Fox News briefly revealed whether President Donald Trump could pardon himself after retweeting Allied Republican Congressman Matt Gaetz on Thanksgiving Day to consider doing so.
After the grace of former National Security Consultant Michael Flynn, Trump shared Gaetz’s call on Thursday to urge him to pardon. “Trump should have pardon for Michael Flynn, have mercy on Thanksgiving for Turkey, everyone should have mercy from himself through administrative officials to Joe Exotic, if that’s the case for him,” Gaetz told Fox News before Flynn’s pardon.
Following news of Trump’s retweet, Fox News presenter Julie Banderas asked Reuters correspondent Jeff Mason if he would be authorized to grant himself a pardon. “The president can’t pardon you, can he?” he said.
“There were a lot of question marks and guesses about this,” Mason responded. “I understand the answer is no. But I suspect we will have a debate on this in the coming weeks before President-elect Joe Biden is inaugurated on January 20.”
Trump may face countless lawsuits and criminal investigations after leaving office, which he has defended as commander-in-chief for the past four years. Although it is not clear whether he has the power to do so, some have suggested that he may try to protect himself from the possibility of being prosecuted beforehand.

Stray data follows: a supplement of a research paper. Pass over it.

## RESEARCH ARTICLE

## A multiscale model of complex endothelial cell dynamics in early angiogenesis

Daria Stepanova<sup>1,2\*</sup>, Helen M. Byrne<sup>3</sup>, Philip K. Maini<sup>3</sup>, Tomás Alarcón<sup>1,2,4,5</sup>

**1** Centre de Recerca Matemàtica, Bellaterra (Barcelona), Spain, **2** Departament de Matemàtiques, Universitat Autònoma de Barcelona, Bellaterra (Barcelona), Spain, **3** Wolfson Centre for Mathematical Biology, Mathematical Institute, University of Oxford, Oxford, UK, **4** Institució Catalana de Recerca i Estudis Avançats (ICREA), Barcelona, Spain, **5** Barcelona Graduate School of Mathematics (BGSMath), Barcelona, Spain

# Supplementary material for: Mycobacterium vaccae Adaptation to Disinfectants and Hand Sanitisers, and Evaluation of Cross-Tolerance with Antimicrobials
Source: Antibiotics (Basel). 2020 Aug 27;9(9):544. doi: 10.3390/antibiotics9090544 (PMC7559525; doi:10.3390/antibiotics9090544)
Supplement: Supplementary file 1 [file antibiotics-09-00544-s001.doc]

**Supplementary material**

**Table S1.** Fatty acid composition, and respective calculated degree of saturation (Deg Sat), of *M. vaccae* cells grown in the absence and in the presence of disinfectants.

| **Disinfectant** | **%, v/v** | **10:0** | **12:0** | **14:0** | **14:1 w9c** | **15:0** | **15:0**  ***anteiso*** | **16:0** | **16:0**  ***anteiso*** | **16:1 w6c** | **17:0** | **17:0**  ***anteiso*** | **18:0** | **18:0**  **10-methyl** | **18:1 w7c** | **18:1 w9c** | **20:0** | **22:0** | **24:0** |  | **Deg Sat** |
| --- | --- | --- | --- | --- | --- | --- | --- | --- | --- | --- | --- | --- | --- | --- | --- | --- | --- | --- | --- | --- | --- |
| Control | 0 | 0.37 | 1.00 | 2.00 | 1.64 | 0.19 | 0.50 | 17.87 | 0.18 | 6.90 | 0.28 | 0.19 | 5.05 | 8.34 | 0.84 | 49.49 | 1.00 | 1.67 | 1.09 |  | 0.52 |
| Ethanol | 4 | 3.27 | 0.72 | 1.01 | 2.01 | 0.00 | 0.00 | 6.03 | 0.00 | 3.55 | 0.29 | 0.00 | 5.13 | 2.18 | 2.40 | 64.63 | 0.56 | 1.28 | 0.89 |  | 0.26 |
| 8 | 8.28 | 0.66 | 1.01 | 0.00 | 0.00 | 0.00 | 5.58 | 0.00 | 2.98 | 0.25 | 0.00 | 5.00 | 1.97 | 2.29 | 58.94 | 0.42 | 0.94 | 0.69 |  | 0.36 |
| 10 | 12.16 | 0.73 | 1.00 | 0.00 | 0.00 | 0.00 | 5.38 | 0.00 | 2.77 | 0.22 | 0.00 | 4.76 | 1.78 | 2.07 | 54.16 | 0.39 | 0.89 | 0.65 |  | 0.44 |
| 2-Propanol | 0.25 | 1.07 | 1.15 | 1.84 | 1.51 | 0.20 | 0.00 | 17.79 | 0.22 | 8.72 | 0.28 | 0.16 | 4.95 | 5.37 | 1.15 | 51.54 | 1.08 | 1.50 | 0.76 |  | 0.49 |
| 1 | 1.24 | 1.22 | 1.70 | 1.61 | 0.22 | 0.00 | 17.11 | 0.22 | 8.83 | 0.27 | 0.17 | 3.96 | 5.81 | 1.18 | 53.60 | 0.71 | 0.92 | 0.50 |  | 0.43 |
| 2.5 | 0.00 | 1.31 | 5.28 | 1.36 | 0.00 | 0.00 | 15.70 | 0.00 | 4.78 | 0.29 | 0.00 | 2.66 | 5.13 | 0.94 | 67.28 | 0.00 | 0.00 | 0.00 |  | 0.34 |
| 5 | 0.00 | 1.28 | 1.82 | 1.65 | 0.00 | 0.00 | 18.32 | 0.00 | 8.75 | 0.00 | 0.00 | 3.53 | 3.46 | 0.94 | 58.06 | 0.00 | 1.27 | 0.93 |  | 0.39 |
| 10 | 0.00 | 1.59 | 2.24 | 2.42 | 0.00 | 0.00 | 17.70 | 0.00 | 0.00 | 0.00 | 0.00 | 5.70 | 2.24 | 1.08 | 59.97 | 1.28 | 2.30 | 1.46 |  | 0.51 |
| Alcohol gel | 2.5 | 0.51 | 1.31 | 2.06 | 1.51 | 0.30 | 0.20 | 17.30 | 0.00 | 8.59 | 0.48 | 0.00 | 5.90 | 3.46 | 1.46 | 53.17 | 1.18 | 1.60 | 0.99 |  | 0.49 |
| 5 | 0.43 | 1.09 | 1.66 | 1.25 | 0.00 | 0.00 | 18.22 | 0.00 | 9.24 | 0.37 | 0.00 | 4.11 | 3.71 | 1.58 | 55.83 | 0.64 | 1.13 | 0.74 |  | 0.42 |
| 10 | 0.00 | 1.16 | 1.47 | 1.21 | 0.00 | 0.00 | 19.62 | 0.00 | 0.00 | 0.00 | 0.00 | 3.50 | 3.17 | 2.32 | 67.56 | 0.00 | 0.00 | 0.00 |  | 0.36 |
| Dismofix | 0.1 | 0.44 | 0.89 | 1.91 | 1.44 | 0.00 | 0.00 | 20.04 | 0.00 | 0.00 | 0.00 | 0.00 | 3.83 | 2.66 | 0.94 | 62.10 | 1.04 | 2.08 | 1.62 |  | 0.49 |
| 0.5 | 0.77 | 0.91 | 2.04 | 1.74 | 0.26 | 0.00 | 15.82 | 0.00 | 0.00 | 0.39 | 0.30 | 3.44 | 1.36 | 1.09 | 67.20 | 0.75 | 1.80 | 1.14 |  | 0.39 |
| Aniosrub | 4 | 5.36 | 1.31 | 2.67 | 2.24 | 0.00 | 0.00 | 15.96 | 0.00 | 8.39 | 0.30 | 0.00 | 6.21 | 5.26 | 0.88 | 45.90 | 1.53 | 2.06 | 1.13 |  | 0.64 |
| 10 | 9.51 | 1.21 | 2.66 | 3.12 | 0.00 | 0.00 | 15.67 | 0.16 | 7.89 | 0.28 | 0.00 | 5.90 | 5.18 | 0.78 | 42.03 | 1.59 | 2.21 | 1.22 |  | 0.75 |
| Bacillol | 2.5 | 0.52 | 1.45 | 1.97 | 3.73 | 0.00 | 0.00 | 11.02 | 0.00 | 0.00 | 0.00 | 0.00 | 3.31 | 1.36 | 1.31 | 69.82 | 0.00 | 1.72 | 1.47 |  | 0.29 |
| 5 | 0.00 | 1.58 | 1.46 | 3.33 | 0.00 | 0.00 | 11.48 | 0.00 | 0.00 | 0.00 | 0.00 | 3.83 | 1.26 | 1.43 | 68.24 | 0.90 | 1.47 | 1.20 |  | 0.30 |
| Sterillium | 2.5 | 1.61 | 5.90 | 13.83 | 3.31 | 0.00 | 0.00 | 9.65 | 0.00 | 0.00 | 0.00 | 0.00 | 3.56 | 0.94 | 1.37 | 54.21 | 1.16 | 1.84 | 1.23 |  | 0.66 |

Trump had previously insisted on obtaining clemency over alleged Russian interference in the 2016 U.S. presidential election amid former Special Adviser Robert Mueller. “I have an absolute right to grace,” the president told reporters in June 2018. “But I never have to do this because I didn’t do anything wrong.”
“As many jurists have said, I have every right to PARDON, but why would I do that when I didn’t do anything wrong?” the president added in a tweet. “In the meantime, the never-ending Witch Hunt, led by 13 very angry and conflicting Democrats (and others), will continue in the medium term!”
Last week, Brian Kalt, a professor of constitutional law at Michigan State University, said Newsweek“Here’s my usual response,‘ Well, you can try. “
However, a majority of voters indicated in a recent poll that Trump should not be able to be pardoned. A NBC LX / YouGov survey of 1,200 registered voters on Nov. 22 said 72 percent said U.S. presidents should not be allowed to pardon, compared to 13 percent who said they should.
Newsweek he turned to the White House for a comment.